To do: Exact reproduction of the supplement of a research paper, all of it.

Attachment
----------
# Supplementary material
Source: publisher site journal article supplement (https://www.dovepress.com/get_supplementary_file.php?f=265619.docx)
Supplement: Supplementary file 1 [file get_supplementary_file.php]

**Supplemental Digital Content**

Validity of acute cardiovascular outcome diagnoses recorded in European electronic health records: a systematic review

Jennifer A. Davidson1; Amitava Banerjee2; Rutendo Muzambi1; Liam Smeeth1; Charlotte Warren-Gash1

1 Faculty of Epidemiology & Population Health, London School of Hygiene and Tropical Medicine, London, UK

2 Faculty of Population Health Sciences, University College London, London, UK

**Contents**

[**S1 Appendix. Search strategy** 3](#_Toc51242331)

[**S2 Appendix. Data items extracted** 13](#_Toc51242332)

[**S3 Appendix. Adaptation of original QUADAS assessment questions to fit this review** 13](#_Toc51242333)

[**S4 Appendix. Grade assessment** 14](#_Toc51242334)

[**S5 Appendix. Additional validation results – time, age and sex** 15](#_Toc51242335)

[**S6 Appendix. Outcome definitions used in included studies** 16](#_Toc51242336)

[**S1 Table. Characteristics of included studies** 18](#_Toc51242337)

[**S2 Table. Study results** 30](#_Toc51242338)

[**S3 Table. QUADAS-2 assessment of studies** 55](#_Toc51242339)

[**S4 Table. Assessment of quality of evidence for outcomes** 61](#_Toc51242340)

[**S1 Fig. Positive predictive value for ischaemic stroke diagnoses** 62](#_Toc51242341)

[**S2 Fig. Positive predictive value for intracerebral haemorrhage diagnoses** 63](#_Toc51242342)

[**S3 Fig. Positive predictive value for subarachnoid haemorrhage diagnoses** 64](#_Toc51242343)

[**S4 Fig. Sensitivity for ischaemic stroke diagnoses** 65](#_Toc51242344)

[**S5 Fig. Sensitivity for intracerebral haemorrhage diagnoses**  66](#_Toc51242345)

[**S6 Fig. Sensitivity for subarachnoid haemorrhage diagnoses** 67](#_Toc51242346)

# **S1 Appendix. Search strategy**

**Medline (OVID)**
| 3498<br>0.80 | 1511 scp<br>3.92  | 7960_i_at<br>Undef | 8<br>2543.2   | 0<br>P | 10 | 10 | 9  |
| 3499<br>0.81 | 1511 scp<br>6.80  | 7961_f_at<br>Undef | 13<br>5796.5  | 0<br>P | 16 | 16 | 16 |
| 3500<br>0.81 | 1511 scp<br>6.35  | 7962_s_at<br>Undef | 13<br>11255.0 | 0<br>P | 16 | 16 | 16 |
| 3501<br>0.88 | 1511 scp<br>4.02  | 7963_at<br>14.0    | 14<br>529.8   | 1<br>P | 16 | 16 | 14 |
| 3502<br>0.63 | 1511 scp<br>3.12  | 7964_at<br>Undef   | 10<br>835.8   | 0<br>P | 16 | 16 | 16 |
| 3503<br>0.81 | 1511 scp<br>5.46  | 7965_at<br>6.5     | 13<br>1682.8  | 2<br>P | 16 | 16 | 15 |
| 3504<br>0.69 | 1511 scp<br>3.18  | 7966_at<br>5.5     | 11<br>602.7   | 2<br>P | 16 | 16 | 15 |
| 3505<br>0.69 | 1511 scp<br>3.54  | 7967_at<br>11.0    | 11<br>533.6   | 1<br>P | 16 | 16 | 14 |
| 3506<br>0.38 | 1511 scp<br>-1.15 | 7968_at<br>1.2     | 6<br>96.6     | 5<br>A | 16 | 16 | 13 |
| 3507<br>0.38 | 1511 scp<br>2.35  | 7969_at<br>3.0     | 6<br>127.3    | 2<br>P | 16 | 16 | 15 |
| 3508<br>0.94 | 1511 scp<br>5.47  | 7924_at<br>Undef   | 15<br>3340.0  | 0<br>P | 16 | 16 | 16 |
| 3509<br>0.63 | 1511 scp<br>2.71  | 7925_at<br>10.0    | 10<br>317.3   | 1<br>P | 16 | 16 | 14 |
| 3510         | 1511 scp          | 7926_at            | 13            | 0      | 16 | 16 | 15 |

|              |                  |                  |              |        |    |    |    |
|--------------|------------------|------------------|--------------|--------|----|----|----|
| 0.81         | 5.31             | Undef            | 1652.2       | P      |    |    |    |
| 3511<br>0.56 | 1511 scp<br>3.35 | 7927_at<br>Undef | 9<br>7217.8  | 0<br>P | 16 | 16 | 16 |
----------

# Supplementary material
Source: publisher site journal article supplement (https://www.dovepress.com/get_supplementary_file.php?f=265619.docx)
Supplement: Supplementary file 1 [file get_supplementary_file.php]

**Supplemental Digital Content**

Validity of acute cardiovascular outcome diagnoses recorded in European electronic health records: a systematic review

Jennifer A. Davidson1; Amitava Banerjee2; Rutendo Muzambi1; Liam Smeeth1; Charlotte Warren-Gash1

1 Faculty of Epidemiology & Population Health, London School of Hygiene and Tropical Medicine, London, UK

2 Faculty of Population Health Sciences, University College London, London, UK

**Contents**

[**S1 Appendix. Search strategy** 3](#_Toc51242331)

[**S2 Appendix. Data items extracted** 13](#_Toc51242332)

[**S3 Appendix. Adaptation of original QUADAS assessment questions to fit this review** 13](#_Toc51242333)

[**S4 Appendix. Grade assessment** 14](#_Toc51242334)

[**S5 Appendix. Additional validation results – time, age and sex** 15](#_Toc51242335)

[**S6 Appendix. Outcome definitions used in included studies** 16](#_Toc51242336)

[**S1 Table. Characteristics of included studies** 18](#_Toc51242337)

[**S2 Table. Study results** 30](#_Toc51242338)

[**S3 Table. QUADAS-2 assessment of studies** 55](#_Toc51242339)

[**S4 Table. Assessment of quality of evidence for outcomes** 61](#_Toc51242340)

[**S1 Fig. Positive predictive value for ischaemic stroke diagnoses** 62](#_Toc51242341)

[**S2 Fig. Positive predictive value for intracerebral haemorrhage diagnoses** 63](#_Toc51242342)

[**S3 Fig. Positive predictive value for subarachnoid haemorrhage diagnoses** 64](#_Toc51242343)

[**S4 Fig. Sensitivity for ischaemic stroke diagnoses** 65](#_Toc51242344)

[**S5 Fig. Sensitivity for intracerebral haemorrhage diagnoses**  66](#_Toc51242345)

[**S6 Fig. Sensitivity for subarachnoid haemorrhage diagnoses** 67](#_Toc51242346)

# **S1 Appendix. Search strategy**

**Medline (OVID)**
| 3498<br>0.80 | 1511 scp<br>3.92  | 7960_i_at<br>Undef | 8<br>2543.2   | 0<br>P | 10 | 10 | 9  |
| 3499<br>0.81 | 1511 scp<br>6.80  | 7961_f_at<br>Undef | 13<br>5796.5  | 0<br>P | 16 | 16 | 16 |
| 3500<br>0.81 | 1511 scp<br>6.35  | 7962_s_at<br>Undef | 13<br>11255.0 | 0<br>P | 16 | 16 | 16 |
| 3501<br>0.88 | 1511 scp<br>4.02  | 7963_at<br>14.0    | 14<br>529.8   | 1<br>P | 16 | 16 | 14 |
| 3502<br>0.63 | 1511 scp<br>3.12  | 7964_at<br>Undef   | 10<br>835.8   | 0<br>P | 16 | 16 | 16 |
| 3503<br>0.81 | 1511 scp<br>5.46  | 7965_at<br>6.5     | 13<br>1682.8  | 2<br>P | 16 | 16 | 15 |
| 3504<br>0.69 | 1511 scp<br>3.18  | 7966_at<br>5.5     | 11<br>602.7   | 2<br>P | 16 | 16 | 15 |
| 3505<br>0.69 | 1511 scp<br>3.54  | 7967_at<br>11.0    | 11<br>533.6   | 1<br>P | 16 | 16 | 14 |
| 3506<br>0.38 | 1511 scp<br>-1.15 | 7968_at<br>1.2     | 6<br>96.6     | 5<br>A | 16 | 16 | 13 |
| 3507<br>0.38 | 1511 scp<br>2.35  | 7969_at<br>3.0     | 6<br>127.3    | 2<br>P | 16 | 16 | 15 |
| 3508<br>0.94 | 1511 scp<br>5.47  | 7924_at<br>Undef   | 15<br>3340.0  | 0<br>P | 16 | 16 | 16 |
| 3509<br>0.63 | 1511 scp<br>2.71  | 7925_at<br>10.0    | 10<br>317.3   | 1<br>P | 16 | 16 | 14 |
| 3510         | 1511 scp          | 7926_at            | 13            | 0      | 16 | 16 | 15 |

|              |                  |                  |              |        |    |    |    |
|--------------|------------------|------------------|--------------|--------|----|----|----|
| 0.81         | 5.31             | Undef            | 1652.2       | P      |    |    |    |
| 3511<br>0.56 | 1511 scp<br>3.35 | 7927_at<br>Undef | 9<br>7217.8  | 0<br>P | 16 | 16 | 16 |